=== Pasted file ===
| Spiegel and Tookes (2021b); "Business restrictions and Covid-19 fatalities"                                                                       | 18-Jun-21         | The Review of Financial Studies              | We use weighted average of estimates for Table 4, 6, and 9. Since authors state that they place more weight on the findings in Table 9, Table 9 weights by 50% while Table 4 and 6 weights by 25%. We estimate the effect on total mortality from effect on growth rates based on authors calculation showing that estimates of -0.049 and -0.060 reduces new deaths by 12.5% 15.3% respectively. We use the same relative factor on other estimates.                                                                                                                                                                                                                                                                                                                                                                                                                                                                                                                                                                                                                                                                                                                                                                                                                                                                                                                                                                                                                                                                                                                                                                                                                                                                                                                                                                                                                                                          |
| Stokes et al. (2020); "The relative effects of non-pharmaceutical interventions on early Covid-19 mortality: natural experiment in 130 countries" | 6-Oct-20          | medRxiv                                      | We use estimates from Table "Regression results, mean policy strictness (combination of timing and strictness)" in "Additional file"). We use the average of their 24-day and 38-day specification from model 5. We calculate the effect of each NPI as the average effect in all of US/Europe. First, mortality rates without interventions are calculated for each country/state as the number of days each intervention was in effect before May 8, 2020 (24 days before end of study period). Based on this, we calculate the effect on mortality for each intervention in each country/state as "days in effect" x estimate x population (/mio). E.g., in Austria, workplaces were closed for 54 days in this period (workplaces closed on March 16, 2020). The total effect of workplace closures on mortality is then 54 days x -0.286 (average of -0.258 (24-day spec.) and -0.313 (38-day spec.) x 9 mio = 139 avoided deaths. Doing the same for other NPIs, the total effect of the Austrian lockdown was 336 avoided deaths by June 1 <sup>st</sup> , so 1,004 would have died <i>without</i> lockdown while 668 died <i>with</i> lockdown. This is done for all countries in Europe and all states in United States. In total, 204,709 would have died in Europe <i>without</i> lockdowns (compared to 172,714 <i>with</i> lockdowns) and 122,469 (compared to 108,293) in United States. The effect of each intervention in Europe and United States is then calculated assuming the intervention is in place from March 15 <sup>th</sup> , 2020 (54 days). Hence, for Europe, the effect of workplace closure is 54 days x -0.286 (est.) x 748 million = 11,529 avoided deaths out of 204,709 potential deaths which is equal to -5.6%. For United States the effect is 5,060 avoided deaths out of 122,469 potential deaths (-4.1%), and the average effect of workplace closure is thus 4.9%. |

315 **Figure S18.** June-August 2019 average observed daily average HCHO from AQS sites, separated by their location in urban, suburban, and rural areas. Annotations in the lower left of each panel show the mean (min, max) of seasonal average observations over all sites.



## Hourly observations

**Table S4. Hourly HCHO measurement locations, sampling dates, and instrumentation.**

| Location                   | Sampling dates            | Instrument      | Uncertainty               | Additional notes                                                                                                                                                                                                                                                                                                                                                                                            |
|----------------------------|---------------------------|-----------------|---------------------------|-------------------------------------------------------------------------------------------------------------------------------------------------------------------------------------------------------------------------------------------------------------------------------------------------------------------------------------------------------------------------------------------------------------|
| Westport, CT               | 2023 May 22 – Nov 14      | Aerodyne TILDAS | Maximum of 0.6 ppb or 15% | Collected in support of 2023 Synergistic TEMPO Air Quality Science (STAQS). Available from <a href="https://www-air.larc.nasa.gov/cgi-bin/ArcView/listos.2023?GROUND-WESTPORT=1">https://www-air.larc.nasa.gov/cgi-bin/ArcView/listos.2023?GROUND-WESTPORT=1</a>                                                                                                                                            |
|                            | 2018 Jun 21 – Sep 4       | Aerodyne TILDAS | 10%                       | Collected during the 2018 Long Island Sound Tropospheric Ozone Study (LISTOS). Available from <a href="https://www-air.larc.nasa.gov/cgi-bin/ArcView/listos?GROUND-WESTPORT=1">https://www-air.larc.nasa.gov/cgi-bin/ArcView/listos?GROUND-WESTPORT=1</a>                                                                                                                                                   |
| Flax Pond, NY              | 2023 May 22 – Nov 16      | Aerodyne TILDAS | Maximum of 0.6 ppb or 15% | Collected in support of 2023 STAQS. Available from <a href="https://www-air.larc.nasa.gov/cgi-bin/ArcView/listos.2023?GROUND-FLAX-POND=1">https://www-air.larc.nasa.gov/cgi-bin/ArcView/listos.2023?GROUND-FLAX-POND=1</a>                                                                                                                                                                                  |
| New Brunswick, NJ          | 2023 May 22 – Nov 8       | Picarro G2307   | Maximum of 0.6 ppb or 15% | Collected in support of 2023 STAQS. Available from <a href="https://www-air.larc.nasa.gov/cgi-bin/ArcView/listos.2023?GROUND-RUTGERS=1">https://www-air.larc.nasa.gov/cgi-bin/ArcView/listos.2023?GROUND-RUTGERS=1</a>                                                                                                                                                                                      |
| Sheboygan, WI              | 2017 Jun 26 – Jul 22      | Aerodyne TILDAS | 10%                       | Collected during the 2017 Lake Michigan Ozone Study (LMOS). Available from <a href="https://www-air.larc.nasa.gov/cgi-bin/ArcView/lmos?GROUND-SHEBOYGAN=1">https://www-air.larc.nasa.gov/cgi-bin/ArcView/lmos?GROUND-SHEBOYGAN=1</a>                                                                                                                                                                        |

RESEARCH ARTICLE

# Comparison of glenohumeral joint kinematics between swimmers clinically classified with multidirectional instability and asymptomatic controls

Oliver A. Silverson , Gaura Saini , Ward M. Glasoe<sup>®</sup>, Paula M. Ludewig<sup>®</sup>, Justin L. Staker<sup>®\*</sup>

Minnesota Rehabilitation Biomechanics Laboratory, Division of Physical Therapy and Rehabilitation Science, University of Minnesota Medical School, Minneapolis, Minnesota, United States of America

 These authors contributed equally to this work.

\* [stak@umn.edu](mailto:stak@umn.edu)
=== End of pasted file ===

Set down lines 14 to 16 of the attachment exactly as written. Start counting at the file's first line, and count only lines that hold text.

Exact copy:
# Comparison of glenohumeral joint kinematics between swimmers clinically classified with multidirectional instability and asymptomatic controls

Oliver A. Silverson , Gaura Saini , Ward M. Glasoe<sup>®</sup>, Paula M. Ludewig<sup>®</sup>, Justin L. Staker<sup>®\*</sup>

Minnesota Rehabilitation Biomechanics Laboratory, Division of Physical Therapy and Rehabilitation Science, University of Minnesota Medical School, Minneapolis, Minnesota, United States of America